Yes, it's just glorious that all those people lost their jobs. It's glorious all those empty buildings will never be used again, causing urban blight. It's never glorious when something closes. Yes, it happens, but it's still not glorious. Yes, it's the way the economy works, but it's not glorious. You are just plain rude to say it like that. To be happy that people are losing their jobs is plain sad on your part.

 
At 9/12/2011 5:06 PM, Blogger sethstorm said...

2. Consumer sovereignty
More like tyranny of the majority. Any sovereignty exists in the aggregate, not at the individual level. That means a business could market in a way that marginalizes individual preference - to the detriment of the individual consumer.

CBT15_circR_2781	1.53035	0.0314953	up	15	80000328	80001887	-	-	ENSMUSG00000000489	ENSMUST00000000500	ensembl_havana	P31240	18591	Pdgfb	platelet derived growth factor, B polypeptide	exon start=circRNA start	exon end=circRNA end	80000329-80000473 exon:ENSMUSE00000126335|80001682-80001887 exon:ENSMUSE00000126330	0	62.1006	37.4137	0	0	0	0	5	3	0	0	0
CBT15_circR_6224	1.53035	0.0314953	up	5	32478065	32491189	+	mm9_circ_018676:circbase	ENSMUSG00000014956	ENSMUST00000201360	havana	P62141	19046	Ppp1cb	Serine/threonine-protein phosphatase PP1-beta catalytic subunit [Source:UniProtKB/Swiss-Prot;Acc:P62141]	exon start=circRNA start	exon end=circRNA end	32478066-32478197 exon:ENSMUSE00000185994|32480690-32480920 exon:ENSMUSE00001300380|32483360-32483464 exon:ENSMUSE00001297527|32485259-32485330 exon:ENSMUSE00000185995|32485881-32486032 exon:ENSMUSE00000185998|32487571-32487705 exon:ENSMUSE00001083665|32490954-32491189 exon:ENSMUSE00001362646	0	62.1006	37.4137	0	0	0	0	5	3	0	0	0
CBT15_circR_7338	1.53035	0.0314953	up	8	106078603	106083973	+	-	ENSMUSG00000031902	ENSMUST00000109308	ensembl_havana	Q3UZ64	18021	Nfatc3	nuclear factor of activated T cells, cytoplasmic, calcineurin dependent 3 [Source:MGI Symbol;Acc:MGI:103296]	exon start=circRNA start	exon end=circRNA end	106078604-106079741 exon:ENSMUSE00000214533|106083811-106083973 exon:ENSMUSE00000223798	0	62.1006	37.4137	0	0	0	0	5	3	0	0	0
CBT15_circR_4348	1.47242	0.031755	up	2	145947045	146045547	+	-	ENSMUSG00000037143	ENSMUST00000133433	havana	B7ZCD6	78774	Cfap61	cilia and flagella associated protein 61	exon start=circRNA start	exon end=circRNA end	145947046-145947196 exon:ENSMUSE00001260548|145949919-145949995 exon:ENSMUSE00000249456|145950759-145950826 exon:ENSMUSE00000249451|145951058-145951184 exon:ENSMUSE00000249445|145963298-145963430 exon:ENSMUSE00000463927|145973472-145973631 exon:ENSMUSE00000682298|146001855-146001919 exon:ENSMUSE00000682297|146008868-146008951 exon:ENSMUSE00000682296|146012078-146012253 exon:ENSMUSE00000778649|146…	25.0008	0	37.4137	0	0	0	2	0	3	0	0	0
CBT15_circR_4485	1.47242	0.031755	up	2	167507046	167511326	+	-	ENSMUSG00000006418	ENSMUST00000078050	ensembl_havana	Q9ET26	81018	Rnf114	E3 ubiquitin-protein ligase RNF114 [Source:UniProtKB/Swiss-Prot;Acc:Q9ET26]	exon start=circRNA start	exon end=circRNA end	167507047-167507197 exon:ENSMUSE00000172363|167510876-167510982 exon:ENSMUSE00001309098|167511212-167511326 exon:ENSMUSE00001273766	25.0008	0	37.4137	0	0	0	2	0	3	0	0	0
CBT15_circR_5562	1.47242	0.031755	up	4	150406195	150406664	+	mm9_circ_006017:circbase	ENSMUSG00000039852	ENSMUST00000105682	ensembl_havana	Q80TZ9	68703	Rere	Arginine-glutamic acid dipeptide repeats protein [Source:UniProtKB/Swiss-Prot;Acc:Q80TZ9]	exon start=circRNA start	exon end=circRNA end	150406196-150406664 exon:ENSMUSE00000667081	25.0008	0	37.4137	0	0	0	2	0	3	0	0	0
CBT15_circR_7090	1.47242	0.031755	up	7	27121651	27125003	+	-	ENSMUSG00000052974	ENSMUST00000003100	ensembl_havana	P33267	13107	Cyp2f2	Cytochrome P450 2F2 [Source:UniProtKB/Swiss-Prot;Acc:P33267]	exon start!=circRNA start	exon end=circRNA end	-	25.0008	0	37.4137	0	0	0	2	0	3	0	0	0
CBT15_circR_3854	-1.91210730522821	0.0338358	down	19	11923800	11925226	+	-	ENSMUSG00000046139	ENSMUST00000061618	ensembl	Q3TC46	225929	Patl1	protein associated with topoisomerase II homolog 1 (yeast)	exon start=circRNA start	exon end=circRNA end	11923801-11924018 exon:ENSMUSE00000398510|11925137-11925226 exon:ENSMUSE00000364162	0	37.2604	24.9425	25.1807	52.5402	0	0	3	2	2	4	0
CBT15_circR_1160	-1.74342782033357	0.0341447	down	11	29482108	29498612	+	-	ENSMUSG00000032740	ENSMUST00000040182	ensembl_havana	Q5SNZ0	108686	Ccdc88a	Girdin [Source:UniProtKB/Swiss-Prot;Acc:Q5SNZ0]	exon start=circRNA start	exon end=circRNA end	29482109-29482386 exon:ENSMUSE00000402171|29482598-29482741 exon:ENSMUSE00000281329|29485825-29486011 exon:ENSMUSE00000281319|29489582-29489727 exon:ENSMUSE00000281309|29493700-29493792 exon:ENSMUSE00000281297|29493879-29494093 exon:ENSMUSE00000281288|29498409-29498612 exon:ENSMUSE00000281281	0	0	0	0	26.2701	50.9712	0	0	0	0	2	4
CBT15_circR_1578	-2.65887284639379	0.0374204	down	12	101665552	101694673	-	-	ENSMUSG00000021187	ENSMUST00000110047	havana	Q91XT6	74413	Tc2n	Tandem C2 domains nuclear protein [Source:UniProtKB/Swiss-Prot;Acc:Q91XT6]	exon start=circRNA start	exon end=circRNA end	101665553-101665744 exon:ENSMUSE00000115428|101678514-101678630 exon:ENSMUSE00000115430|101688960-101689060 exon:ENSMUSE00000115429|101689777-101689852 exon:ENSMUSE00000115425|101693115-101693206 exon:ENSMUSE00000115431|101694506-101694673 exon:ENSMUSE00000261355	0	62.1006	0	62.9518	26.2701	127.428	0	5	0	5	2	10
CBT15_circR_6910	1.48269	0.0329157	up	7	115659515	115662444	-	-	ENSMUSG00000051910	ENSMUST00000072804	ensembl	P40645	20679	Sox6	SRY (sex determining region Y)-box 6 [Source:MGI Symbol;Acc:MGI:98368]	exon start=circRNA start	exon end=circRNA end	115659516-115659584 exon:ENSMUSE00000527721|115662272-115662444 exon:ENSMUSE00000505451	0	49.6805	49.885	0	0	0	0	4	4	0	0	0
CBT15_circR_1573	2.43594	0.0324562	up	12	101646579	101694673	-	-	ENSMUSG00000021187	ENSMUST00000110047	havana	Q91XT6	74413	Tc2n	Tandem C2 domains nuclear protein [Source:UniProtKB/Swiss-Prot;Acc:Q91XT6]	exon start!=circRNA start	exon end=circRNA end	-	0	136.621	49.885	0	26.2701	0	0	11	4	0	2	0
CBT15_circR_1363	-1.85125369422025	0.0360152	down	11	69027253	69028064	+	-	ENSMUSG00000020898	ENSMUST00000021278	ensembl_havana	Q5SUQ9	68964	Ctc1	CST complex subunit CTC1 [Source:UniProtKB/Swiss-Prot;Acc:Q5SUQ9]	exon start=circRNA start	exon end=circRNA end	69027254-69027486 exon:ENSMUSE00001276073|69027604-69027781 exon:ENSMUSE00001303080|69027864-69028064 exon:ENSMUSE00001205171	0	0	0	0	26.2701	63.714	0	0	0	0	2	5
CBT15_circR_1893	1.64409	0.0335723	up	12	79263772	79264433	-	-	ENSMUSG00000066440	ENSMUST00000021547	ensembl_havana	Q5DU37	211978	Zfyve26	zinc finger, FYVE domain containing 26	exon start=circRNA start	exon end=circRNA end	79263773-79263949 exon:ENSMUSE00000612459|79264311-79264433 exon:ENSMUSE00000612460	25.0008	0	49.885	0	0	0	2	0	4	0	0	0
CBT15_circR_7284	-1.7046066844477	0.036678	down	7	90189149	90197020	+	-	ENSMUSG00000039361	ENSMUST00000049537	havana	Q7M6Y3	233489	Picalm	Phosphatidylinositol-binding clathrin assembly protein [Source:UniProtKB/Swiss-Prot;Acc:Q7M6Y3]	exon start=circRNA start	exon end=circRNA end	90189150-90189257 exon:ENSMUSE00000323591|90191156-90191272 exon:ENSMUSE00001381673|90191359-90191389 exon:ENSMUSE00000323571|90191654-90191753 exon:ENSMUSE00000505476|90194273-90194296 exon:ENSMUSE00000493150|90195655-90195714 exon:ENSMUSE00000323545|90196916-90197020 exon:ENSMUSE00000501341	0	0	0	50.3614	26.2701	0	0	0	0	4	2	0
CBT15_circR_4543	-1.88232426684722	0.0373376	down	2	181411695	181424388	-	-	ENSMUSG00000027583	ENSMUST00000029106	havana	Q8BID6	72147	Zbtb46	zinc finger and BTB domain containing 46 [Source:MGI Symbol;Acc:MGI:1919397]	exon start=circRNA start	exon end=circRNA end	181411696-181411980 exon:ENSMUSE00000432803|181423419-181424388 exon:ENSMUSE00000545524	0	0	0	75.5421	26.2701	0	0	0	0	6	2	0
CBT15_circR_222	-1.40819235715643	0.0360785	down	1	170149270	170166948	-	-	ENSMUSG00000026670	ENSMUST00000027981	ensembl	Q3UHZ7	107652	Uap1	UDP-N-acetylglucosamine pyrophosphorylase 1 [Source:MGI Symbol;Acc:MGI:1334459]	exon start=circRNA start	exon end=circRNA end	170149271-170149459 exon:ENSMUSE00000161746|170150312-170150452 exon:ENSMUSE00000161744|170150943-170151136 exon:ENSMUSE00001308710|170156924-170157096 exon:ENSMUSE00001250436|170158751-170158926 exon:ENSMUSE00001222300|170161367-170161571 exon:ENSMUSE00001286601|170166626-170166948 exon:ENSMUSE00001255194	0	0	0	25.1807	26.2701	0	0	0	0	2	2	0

At 9/12/2011 5:51 PM, Blogger P.K. said...

"And the government didn't step in to bail them out. They must not have been unionized."

And you must be brainwashed. Which unions were involved with Citibank, Goldman Sachs, AIG, etc.? I'm not sure what economic system these firms fall under, but it sure as heck isn't free market capitalism.

 
At 9/12/2011 6:09 PM, Blogger Jim said...

There is no doubt that the Internet played a role in altering Border's business model, wich has turned out badly for them.

But implying that the Internet is the cause of Border's bankruptcy is not unlike saying Amazon is putting Sears out of business; it is not true.

Bricks and mortar companies have advantages that Internet companies do not have. That Border's did not leverage those advantages speaks more to poor management then the success of the Internet.

Many retailers ignore their physical and geographical advantages, which unnecessarily exposes them to fads, technology, and generally poor returns.

At some point I will publish in my local paper how I would have turned around Border's business model, if I can think of way to dumb it down enough to be interesting:)

 
At 9/12/2011 6:16 PM, Blogger Benjamin said...

As with newspapers, I am not sure I am thrilled that bookstores are getting shuttered.